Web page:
• Mutable functions – date-time functions, RANDOM and non-STABLE user-defined functions
    • Set operations (UNION, INTERSECT, EXCEPT and MINUS).
    • Temporary tables used for query optimization.
    • Subqueries not part of the FROM clause.
    • Window functions.

6 Best practices for Redshift materialized views

Now that we have a feel for the limitations on materialized views, let’s look at 6 best practices when using them.

  1. Ensure you have SELECT privileges to the underlying tables, schema and permissions to CREATE, ALTER, REFRESH and DROP.

  2. Do not perform the below actions on a materialized view. If you really need to, then drop and recreate it.

    • Renaming a materialized view.

    • Change the data type of a column.

    • Change the schema name to which your tables belong.

    • Alter the underlying SQL statement.

  3. Make sure to refresh all dependent materialized views individually prior to refreshing your main view.  Query system table STV_MV_DEPS for information on materialized view dependencies.

  4. Use STL_EXPLAIN to determine if automatic query rewriting is being used for your query.

  5. Use SVL_MV_REFRESH_STATUS to check the materialized view refresh status as below.

    Select * from SVL_MV_REFRESH_STATUS;

    This is an extremely helpful view, so get familiar with it. At a minimum check for the 5 listed details in the SVL_MV_REFRESH_STATUS view.

    1. Who performed the last refresh?

    2. When was the refresh kicked off?

    3. The type of refresh performed (Manual vs Auto).

    4. Status of the refresh (Successful vs Partial vs Failed vs Aborted).

    5. What changes were made during the refresh (Schema vs Table vs Column).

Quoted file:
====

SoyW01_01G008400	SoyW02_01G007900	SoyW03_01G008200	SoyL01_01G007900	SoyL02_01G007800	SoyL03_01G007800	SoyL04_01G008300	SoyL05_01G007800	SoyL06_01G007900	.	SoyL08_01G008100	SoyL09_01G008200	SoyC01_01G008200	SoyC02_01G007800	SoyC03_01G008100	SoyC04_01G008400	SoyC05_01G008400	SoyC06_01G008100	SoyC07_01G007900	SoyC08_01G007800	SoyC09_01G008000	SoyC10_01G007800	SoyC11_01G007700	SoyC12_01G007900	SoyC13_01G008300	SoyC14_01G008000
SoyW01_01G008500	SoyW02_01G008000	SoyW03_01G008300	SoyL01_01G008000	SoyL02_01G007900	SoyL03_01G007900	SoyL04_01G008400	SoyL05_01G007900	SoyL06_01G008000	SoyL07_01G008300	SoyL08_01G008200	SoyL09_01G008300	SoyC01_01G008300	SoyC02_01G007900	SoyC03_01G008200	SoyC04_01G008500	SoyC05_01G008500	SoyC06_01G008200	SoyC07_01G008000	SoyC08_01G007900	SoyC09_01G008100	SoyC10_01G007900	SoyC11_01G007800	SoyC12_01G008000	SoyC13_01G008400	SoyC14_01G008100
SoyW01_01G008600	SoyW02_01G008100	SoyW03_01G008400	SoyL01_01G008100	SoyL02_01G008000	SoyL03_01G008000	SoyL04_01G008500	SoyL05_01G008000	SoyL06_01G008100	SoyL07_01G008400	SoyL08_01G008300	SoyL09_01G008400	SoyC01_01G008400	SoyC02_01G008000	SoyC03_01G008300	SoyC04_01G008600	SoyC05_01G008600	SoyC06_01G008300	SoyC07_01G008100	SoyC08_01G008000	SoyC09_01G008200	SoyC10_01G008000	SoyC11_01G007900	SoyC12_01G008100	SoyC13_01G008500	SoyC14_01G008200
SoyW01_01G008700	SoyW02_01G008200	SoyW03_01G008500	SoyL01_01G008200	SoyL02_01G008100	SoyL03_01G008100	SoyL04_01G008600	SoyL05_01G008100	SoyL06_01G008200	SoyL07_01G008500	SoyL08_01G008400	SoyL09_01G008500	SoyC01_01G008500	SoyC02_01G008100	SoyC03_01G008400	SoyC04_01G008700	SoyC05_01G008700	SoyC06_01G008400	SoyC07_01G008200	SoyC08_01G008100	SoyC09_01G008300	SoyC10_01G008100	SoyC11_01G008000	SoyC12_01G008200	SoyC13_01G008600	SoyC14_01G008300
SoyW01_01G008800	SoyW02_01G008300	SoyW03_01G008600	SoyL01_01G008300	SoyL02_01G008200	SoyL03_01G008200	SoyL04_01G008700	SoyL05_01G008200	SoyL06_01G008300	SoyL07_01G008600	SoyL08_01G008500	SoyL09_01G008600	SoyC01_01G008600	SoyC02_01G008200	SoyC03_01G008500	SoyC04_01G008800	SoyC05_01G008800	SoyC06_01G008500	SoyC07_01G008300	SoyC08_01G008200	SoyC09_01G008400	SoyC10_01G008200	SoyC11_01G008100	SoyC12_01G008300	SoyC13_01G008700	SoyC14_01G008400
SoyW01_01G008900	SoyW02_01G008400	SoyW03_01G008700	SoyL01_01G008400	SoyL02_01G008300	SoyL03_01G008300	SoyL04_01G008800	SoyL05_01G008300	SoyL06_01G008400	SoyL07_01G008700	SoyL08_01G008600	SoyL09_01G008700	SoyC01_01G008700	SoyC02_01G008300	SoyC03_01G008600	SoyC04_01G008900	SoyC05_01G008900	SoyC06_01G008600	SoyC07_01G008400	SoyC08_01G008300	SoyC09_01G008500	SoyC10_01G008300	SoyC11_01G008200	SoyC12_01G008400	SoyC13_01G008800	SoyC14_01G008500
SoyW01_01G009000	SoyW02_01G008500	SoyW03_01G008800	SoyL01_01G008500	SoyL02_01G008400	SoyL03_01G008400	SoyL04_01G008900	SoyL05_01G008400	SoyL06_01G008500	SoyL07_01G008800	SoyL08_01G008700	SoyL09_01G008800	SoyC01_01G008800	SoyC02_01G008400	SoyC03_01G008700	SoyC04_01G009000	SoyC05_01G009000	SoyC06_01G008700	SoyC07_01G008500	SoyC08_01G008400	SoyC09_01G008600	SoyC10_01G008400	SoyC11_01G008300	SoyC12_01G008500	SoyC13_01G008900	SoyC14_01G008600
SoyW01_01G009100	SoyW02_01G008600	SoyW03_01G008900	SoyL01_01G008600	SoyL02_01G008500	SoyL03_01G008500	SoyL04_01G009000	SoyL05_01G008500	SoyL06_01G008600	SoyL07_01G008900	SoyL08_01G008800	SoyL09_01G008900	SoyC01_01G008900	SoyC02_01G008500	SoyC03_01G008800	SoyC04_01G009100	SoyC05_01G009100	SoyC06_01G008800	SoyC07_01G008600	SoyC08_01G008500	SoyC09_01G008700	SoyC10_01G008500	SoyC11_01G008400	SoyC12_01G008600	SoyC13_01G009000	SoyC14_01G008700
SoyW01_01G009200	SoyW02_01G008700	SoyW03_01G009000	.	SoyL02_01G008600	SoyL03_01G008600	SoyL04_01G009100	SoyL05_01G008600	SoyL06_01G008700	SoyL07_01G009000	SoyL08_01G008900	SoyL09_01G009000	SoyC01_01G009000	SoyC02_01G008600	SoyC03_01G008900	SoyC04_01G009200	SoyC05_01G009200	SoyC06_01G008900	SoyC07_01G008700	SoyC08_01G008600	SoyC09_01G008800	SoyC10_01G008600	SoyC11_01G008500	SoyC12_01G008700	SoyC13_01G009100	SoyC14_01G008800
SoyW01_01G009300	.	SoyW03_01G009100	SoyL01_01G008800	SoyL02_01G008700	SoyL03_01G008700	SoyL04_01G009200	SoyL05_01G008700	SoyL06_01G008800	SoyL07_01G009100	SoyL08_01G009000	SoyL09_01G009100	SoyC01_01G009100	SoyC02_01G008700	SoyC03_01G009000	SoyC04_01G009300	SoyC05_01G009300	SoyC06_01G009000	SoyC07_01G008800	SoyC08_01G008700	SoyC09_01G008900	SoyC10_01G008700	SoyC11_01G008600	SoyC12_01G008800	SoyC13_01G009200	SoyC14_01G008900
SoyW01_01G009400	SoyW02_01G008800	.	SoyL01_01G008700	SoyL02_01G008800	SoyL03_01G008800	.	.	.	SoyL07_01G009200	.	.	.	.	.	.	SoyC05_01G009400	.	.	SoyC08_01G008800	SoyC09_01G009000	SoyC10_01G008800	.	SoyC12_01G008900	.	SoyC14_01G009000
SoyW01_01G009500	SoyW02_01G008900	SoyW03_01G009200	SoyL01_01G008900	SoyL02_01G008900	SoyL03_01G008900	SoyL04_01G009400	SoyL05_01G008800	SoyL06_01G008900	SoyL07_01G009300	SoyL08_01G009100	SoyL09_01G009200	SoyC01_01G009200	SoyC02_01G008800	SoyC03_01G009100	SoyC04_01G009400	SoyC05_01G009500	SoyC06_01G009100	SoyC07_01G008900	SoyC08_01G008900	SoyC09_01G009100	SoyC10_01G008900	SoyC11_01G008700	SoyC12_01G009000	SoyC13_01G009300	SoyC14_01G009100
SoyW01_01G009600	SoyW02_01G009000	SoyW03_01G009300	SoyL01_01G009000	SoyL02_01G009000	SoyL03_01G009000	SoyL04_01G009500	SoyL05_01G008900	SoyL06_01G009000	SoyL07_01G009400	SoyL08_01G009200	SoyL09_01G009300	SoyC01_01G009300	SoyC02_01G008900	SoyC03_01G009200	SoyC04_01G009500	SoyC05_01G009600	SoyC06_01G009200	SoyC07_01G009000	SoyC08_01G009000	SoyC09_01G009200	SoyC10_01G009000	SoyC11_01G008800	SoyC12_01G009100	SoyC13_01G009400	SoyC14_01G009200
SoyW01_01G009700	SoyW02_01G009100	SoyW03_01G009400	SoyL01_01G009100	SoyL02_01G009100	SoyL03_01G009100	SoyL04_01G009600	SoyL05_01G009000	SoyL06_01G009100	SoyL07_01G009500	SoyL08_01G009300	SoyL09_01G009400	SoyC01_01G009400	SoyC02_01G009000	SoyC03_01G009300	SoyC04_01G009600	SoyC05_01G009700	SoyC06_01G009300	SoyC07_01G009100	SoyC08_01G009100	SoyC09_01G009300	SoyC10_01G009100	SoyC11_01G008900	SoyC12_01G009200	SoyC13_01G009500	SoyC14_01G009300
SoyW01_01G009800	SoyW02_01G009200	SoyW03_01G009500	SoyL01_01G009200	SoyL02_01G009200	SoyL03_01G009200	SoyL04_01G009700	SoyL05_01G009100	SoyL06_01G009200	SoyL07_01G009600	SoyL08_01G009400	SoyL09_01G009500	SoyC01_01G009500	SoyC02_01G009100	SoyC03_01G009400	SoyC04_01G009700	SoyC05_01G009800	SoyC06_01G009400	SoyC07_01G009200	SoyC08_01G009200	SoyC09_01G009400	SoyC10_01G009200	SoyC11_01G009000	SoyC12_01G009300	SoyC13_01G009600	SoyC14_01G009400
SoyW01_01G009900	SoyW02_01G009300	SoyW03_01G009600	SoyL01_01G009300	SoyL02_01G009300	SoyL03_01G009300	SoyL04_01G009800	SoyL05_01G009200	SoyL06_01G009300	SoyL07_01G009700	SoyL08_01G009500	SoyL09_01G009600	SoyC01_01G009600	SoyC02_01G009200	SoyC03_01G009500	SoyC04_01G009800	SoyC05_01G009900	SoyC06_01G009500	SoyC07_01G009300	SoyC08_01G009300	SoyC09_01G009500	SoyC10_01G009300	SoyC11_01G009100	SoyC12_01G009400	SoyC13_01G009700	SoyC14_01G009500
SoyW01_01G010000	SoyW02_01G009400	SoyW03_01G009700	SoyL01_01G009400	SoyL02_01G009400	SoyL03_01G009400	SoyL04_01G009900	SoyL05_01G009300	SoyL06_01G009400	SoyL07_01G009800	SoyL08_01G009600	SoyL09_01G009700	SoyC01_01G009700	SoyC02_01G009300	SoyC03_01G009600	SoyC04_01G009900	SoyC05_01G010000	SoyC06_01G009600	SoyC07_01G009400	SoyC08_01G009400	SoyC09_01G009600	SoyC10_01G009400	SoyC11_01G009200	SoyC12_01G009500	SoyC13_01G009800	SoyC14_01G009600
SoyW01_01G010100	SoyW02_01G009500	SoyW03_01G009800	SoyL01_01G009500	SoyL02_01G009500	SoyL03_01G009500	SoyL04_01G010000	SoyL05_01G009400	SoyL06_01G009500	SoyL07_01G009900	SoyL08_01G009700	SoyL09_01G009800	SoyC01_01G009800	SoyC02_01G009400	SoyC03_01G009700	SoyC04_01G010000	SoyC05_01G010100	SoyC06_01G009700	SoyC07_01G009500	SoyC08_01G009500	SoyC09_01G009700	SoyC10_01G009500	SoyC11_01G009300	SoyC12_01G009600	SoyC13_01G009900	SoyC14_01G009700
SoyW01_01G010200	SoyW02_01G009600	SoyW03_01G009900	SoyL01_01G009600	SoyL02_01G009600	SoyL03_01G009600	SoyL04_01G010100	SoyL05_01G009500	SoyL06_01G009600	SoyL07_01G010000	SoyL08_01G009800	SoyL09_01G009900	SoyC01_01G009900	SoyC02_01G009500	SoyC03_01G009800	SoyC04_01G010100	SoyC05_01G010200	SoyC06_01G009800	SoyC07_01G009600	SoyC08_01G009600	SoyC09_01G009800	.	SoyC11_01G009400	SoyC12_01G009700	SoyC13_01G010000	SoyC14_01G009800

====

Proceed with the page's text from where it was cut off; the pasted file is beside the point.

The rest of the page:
6. Prefix or suffix the materialized view name with “mv_” or “_mv” based on your accepted naming convention.

Redshift Create materialized view basics

The Redshift CREATE MATERIALZIED VIEW statement creates the view based on a SELECT AS statement. This is very similar to a standard CTAS statement.

A major benefit of this Select statement, you can combine fields from as many Redshift tables or external tables using the SQL JOIN clause.

Let’s look at how to create one. Instead of the traditional approach, I have two examples listed. The first with defaults and the second with parameters set.

It’s a lot simpler to understand this way.

In this first example we create a materialized view based on a single Redshift table. The default values for backup, distribution style and auto refresh are shown below. Note, you do not have to explicitly state the defaults. They are implied.

: Redshift create materialized view using DEFAULTS. CREATE MATERIALIZED VIEW mv_new_address AS SELECT * from addresses where address_updated ='Y'; BACKUP: YES DISTRIBUTION STYLE: EVEN AUTO REFRESH: NO

In this second example we create the same materialized view but specify the parameter values based on our needs.

The values used in this example are meant to clarify the syntax and usage of these parameters. Be sure to determine your optimal parameter values based on your application needs. 


: Redshift create materialized view with user defined parameter values. CREATE MATERIALIZED VIEW mv_new_address
DISTKEY (zipcode)
AS SELECT * from addresses where address_updated ='Y';

Trending Questions on Redshift materialized views

1. Are materialized views automatically refreshed in Redshift?

When you create a materialized view, you must set the AUTO REFRESH parameter to YES. If this feature is not set, your view will not be refreshed automatically.

In case you forgot or chose not to initially, use an ALTER command to turn on auto refresh at any time.

2. What is incremental refresh vs full refresh in Redshift?

Both terms apply to refreshing the underlying data used in a materialized view.

In an incremental refresh, the changes to data since the last refresh is determined and applied to the materialized view. On the other hand, in a full refresh the SELECT clause in the view is executed and the entire data set is replaced. 


In summary, Redshift materialized views do save development and execution time. However, it’s important to know how and when to use them. Make sure you really understand the below key areas –

  • Auto refresh vs manual refresh.

  • Automatic query re writing and its limitations.

  • Materialized view on materialized view dependencies.

  • Don’t over think it. You may not be able to remember all the minor details. It’s okay. Practice makes perfect!

Need to Create tables in Redshift?

We have a post on Creating Redshift tables with examples, 10 ways. Most developers find it helpful.